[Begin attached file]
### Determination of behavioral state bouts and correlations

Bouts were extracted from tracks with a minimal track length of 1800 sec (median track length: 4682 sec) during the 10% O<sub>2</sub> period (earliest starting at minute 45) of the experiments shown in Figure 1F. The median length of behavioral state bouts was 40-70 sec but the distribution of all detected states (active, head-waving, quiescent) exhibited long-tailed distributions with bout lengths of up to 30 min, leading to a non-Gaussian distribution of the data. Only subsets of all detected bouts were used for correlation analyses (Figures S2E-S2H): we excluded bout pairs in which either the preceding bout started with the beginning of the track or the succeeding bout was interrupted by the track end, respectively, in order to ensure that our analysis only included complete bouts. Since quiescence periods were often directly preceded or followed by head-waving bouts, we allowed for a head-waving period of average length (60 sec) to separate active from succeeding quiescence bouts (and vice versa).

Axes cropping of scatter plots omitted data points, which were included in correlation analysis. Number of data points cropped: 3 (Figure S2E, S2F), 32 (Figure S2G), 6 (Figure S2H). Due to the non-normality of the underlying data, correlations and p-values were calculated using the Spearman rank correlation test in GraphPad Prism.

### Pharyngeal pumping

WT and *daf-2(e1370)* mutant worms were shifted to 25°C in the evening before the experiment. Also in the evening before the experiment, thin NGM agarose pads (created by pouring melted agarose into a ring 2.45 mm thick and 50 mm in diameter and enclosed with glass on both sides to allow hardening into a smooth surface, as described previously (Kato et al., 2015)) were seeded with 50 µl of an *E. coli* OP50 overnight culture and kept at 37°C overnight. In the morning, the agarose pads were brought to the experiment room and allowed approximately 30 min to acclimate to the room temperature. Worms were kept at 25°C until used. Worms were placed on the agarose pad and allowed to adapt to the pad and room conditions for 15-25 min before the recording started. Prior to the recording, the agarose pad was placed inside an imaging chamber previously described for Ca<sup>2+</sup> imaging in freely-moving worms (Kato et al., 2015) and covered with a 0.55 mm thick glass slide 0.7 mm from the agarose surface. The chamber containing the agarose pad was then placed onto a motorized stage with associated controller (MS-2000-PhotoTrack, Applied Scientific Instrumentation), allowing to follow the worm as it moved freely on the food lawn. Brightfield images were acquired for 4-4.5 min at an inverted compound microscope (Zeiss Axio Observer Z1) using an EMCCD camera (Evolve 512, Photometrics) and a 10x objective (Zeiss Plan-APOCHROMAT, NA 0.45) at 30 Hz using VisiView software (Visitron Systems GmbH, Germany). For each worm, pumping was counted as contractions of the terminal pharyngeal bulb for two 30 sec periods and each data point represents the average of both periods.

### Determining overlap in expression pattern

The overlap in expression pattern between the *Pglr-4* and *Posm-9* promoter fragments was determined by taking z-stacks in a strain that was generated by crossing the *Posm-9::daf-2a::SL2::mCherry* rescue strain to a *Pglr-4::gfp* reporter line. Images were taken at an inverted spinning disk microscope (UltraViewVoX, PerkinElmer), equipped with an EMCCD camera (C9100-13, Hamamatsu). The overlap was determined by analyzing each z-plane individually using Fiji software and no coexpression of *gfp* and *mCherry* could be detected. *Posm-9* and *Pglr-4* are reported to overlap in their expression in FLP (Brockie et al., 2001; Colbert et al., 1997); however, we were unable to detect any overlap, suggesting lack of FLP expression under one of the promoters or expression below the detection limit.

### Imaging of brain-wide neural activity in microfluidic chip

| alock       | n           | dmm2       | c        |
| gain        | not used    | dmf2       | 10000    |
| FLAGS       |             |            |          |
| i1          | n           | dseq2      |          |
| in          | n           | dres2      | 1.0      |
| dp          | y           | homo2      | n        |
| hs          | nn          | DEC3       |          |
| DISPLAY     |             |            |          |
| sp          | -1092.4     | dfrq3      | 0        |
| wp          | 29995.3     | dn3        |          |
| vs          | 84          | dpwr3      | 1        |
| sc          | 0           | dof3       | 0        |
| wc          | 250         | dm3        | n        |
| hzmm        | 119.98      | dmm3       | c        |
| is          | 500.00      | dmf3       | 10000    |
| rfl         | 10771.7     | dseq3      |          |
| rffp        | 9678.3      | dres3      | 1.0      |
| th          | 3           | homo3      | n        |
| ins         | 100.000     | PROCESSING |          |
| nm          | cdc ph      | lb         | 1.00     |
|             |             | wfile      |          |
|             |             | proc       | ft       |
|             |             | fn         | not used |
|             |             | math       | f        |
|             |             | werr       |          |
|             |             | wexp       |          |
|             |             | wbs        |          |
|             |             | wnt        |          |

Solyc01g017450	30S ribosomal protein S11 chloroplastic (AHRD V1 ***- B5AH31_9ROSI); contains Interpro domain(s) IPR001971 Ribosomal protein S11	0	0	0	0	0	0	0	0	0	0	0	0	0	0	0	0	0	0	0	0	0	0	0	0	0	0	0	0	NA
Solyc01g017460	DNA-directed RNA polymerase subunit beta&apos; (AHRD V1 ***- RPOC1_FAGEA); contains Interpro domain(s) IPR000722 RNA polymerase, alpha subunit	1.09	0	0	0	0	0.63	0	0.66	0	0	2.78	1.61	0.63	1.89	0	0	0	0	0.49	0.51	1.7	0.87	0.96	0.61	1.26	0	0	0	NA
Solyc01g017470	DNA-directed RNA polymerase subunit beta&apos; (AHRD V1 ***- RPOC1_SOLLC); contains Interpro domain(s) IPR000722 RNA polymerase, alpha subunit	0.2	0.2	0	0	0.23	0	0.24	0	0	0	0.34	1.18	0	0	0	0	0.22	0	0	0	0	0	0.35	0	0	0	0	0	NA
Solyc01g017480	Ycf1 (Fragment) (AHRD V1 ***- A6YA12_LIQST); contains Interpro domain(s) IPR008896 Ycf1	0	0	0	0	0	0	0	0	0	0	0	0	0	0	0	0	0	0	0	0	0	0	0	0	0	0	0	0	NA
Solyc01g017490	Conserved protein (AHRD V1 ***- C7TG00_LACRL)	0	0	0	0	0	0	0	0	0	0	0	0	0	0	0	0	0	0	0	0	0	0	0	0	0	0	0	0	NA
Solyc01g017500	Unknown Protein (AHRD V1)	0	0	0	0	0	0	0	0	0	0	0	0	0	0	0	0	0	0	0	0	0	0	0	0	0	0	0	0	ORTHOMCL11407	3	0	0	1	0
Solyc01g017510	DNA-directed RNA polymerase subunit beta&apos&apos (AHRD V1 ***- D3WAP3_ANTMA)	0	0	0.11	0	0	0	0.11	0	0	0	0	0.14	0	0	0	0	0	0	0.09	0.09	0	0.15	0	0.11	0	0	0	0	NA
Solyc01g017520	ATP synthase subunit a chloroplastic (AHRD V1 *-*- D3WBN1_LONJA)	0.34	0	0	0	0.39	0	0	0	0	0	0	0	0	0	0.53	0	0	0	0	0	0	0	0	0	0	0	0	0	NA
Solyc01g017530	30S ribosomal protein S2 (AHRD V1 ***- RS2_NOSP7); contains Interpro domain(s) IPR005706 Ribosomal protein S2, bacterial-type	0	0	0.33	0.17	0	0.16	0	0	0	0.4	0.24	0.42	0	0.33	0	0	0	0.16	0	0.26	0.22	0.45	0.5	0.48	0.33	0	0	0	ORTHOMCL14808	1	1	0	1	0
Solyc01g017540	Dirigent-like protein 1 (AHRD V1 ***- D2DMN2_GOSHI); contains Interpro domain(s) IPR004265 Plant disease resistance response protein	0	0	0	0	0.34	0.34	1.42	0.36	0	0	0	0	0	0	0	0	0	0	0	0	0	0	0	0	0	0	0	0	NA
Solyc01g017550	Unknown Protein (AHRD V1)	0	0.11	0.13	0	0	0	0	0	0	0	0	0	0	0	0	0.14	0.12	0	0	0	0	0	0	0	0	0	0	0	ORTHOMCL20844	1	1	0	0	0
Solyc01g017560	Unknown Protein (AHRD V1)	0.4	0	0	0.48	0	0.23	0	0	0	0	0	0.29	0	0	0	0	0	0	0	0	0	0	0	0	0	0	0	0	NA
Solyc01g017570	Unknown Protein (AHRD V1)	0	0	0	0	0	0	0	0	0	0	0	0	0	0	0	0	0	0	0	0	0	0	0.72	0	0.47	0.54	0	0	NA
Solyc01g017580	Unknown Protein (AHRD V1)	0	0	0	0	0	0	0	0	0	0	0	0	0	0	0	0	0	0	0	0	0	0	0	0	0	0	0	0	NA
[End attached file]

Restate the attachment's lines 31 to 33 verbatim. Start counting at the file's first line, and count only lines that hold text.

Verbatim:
|             |             | fn         | not used |
|             |             | math       | f        |
|             |             | werr       |          |